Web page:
CRISPR-Cas9 system that kills targeted pathogenic bacteria may be microbiome friendly.

By: Puck deRoos

Please join me in welcoming our new contributor Puck deRoos. She will be writing short articles about the latest microbiome papers. I am so excited to have you on the team! – Elisabeth Bik

New research has highlighted a potential system that can specifically target pathogenic bacteria without disturbing the rest of the microbial community1.  

Currently, the ways to treat pathogenic bacterial infections are non-specific and may have unintentional longer lasting effects because they often alter the composition of the gut microbiome. The rise of multi-drug resistant bacteria has shown the limitations of general broad-spectrum antibiotics2, while phage-based therapy has been associated with  a smaller but similar rise in phage resistant bacteria3,.  Stool transplants have shown promising results in treatment of particular intestinal conditions, but are not suitable for many other diseases. In addition, they completely alter the patients gut microbiome, which may have unknown long-term effects4


The CRISPR (Clustered Regularly Interspaced Short Palindromic Repeats) Cas-9 (CRISPR ASsociated protein-9) system is able to target specific microbial species, and cause cell death due to double stranded breaks in the microbial DNA. In a recent paper published in Nature Communications, researchers have developed a method to specifically target microbial pathogens using a cis-conjugative CRISPR system where all the necessary machinery is encoded within one plasmid, or bacterial DNA sequence.

The cis-conjugative plasmid system has much higher rate of conjugation, which is how bacteria transfer genetic material between different cells, than its trans-conjugative counterpart, which has the CRISPR and conjugative sequences on different plasmids. One of the reasons the cis-conjugative system is more effective is that it is able to continue to work throughout multiple conjugations, so its effect increases exponentially throughout time. In contrast,  the trans system only works once.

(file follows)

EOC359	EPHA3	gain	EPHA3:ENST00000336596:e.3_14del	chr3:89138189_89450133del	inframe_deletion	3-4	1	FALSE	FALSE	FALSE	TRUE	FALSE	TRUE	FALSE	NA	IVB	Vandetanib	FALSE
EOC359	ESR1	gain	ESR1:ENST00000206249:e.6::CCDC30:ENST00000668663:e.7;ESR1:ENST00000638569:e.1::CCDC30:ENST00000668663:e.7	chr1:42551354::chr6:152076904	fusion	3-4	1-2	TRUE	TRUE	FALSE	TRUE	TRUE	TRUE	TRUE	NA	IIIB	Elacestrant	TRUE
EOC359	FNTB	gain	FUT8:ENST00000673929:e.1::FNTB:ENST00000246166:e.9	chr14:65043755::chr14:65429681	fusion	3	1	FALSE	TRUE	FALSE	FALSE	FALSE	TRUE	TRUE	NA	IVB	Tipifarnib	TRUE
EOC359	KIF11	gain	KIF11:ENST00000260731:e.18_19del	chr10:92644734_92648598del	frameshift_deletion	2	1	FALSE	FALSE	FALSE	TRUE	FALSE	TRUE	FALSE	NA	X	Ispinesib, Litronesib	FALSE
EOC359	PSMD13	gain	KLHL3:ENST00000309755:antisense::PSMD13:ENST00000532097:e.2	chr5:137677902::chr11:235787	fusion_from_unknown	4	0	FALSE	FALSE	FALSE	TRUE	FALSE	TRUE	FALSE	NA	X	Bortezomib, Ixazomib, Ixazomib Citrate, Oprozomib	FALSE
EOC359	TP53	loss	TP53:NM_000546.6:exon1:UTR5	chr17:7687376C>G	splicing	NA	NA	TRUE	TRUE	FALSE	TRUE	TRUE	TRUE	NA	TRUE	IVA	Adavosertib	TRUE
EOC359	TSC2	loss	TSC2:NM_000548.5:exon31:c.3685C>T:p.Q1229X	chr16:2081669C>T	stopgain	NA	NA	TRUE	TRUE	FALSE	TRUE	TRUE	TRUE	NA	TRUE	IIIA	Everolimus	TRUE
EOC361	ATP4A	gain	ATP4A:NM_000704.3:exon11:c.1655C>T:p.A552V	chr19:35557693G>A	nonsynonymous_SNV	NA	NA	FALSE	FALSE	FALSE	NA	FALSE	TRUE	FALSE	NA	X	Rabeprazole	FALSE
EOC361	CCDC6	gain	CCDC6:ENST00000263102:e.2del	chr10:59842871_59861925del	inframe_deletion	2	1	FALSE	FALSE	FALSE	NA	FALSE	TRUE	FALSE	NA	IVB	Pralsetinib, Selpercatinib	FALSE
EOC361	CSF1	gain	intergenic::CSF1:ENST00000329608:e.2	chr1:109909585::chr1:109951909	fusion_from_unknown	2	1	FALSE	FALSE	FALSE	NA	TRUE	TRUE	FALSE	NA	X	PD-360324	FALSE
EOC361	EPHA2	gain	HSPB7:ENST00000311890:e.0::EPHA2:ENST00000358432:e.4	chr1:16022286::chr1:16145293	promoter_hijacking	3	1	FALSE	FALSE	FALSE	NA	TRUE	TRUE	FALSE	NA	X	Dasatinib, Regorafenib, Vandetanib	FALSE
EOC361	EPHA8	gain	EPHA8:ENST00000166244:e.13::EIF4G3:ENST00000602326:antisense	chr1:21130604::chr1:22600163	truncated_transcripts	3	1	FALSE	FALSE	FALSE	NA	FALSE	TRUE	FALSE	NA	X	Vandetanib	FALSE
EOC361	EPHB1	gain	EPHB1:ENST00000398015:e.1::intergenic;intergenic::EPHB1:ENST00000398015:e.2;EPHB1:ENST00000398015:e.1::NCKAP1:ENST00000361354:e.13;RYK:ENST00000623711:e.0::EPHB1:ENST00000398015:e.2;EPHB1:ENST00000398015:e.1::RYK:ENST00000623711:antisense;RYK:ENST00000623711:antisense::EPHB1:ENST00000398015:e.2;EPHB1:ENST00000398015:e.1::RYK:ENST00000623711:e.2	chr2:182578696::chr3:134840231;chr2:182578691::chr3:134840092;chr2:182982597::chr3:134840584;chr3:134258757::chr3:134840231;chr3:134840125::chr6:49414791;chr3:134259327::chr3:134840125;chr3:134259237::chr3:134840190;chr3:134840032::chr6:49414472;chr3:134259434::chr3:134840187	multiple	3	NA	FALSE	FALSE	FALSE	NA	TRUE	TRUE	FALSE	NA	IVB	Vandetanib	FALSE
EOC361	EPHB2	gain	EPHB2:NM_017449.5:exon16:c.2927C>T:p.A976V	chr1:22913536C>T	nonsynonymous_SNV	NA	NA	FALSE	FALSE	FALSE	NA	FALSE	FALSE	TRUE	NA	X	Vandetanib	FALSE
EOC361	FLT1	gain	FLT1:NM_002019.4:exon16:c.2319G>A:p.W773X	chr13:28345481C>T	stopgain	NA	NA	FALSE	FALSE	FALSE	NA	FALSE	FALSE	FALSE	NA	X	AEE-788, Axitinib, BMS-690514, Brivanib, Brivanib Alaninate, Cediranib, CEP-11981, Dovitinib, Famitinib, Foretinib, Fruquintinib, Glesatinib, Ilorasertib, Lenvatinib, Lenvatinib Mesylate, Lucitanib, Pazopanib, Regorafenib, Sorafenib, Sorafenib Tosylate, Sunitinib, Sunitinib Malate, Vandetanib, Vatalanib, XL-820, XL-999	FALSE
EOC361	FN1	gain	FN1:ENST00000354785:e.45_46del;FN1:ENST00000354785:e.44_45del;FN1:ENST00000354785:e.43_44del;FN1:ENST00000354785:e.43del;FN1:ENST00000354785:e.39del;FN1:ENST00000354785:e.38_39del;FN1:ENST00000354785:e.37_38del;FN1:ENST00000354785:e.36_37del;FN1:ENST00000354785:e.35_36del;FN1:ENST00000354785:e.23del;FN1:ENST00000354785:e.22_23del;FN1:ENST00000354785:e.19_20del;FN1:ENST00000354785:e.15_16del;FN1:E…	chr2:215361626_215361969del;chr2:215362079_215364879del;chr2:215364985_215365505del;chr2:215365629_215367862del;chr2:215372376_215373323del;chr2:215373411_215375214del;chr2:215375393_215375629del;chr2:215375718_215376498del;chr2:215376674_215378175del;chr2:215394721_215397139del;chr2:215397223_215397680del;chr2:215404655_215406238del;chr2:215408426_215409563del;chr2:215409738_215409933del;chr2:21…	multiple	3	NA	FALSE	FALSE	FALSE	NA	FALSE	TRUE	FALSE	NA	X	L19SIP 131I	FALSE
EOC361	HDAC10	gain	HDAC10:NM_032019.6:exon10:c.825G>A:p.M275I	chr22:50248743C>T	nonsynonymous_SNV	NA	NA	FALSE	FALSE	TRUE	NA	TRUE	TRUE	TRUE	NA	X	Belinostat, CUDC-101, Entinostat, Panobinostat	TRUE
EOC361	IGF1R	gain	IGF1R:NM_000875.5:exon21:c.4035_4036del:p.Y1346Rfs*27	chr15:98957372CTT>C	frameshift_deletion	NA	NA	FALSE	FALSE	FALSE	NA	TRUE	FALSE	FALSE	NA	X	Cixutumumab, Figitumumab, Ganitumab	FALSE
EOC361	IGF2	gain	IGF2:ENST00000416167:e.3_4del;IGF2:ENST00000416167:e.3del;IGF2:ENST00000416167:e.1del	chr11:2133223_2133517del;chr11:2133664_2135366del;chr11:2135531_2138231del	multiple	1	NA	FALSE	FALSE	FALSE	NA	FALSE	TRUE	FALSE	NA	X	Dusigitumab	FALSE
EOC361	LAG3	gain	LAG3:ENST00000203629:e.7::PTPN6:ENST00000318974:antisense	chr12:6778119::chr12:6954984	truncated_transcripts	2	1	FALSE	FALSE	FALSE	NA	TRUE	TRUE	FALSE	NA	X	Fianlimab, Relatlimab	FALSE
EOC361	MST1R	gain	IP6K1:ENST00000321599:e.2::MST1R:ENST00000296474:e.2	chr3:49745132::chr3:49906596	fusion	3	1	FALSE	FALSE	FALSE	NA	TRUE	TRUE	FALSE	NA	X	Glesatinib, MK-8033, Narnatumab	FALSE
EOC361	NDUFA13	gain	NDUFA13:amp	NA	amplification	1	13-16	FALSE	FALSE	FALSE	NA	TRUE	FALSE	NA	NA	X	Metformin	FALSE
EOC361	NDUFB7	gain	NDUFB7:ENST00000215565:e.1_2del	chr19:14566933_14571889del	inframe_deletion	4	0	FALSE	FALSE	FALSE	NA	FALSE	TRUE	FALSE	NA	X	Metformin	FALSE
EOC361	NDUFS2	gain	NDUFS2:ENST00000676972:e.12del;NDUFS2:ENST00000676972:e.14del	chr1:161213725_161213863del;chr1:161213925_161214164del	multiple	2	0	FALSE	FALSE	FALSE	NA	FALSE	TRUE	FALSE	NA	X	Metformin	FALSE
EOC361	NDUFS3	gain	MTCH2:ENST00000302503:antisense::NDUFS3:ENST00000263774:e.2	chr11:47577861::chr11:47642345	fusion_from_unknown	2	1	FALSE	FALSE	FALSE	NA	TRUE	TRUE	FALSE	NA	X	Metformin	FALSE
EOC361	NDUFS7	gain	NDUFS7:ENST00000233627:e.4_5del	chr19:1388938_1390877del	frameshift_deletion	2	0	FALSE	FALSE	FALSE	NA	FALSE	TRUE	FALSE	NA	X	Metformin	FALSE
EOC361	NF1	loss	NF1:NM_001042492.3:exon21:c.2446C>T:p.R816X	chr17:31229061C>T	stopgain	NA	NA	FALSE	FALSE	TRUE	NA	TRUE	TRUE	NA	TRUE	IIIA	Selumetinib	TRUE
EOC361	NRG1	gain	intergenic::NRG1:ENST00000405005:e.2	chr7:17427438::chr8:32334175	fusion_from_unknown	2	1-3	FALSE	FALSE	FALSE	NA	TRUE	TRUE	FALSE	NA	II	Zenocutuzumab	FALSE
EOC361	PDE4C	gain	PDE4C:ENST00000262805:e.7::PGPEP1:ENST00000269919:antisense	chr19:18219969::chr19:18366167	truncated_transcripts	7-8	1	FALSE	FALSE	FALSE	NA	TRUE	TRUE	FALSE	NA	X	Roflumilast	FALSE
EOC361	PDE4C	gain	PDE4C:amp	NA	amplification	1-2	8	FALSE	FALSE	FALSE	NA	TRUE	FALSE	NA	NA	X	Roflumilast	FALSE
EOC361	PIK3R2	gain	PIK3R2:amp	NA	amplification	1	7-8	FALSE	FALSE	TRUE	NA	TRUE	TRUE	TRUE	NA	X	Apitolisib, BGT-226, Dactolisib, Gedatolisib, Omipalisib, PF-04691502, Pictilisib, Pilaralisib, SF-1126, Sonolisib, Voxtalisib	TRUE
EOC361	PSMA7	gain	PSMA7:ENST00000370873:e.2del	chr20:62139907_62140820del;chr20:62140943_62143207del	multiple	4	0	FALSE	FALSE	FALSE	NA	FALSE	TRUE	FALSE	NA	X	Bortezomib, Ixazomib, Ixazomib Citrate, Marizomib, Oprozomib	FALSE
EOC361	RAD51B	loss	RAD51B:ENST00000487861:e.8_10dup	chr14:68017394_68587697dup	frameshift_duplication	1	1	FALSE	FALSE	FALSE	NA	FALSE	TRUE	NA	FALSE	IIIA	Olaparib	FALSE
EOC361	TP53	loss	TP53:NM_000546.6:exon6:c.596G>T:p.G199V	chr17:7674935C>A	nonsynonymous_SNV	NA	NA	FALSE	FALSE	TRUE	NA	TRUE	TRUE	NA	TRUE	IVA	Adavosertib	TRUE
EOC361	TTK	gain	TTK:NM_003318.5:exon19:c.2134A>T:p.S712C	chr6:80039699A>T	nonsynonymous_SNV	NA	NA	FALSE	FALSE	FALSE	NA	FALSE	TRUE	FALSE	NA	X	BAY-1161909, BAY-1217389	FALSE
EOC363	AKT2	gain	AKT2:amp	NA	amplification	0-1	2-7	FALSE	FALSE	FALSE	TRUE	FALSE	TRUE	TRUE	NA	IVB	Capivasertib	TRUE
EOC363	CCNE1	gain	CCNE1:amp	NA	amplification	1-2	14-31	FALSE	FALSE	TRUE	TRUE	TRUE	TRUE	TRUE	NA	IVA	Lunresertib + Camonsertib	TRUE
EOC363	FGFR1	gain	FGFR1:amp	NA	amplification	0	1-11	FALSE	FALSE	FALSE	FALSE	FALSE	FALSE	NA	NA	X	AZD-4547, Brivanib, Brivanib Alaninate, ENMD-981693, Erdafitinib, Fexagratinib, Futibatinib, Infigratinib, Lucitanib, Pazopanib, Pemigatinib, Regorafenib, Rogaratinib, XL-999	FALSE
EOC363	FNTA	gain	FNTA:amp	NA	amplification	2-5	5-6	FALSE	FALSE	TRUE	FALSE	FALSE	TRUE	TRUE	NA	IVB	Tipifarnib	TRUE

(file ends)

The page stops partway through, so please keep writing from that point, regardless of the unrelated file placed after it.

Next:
The rates of conjugation were measured from host bacteria Escherichia coli to bacterial recipient Salmonella enterica. The rate for the cis system continually increased and reached a maximum of 1 X 10-2 at 24hour, while the trans system maxed out early at ~1 X 10-3 but decreased to ~1 X 10-5 at 24hours. These results showed a ~1000-fold increase in the rates of the new cis-conjugative system compared to previous trans-conjugative system. 

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This new tool for targeting specific bacteria can be extremely useful within the human microbiome. Most microbial communities in our body exists as a biofilm, a community of different microorganisms that stick together on a surface. The new cis-conjugative system developed by researchers at Schulich School of Medicine and Dentistry has up to a potential 100% effective rate of conjugation with bacteria grown in a biofilm. The same cis system in a regular bacterial assay or filter based assay shows a ~500 to 1000-fold decrease in the rate of conjugation, increasing the systems usefulness in regards to the microbiome. 

In conclusion, this new method of specifically delivering a CRISPR-Cas-9 system to pathogenic bacteria without disrupting the composition of the entire microbial community is an exciting new direction for the targeted  treatment of microbial infections. 


1. Hamilton TA et al. Efficient inter-species conjugative transfer of a CRISPR nuclease for targeted bacterial killing. Nature Communications. 10, 4544 (2019).

2. Theuretzbacher, U. Antibiotic innovation for future public health needs. Clin. Microbiol. Infect. 23, 713–717 (2017). 

3. Chatain-Ly, M. H. The factors affecting effectiveness of treatment in phages therapy. Front. Microbiol. 5, 51 (2014). 

4. Khanna, S. et al. Changes in microbial ecology after fecal microbiota transplantation for recurrent C. difficile infection affected by underlying inflammatory bowel disease. Microbiome 5, 55 (2017). 


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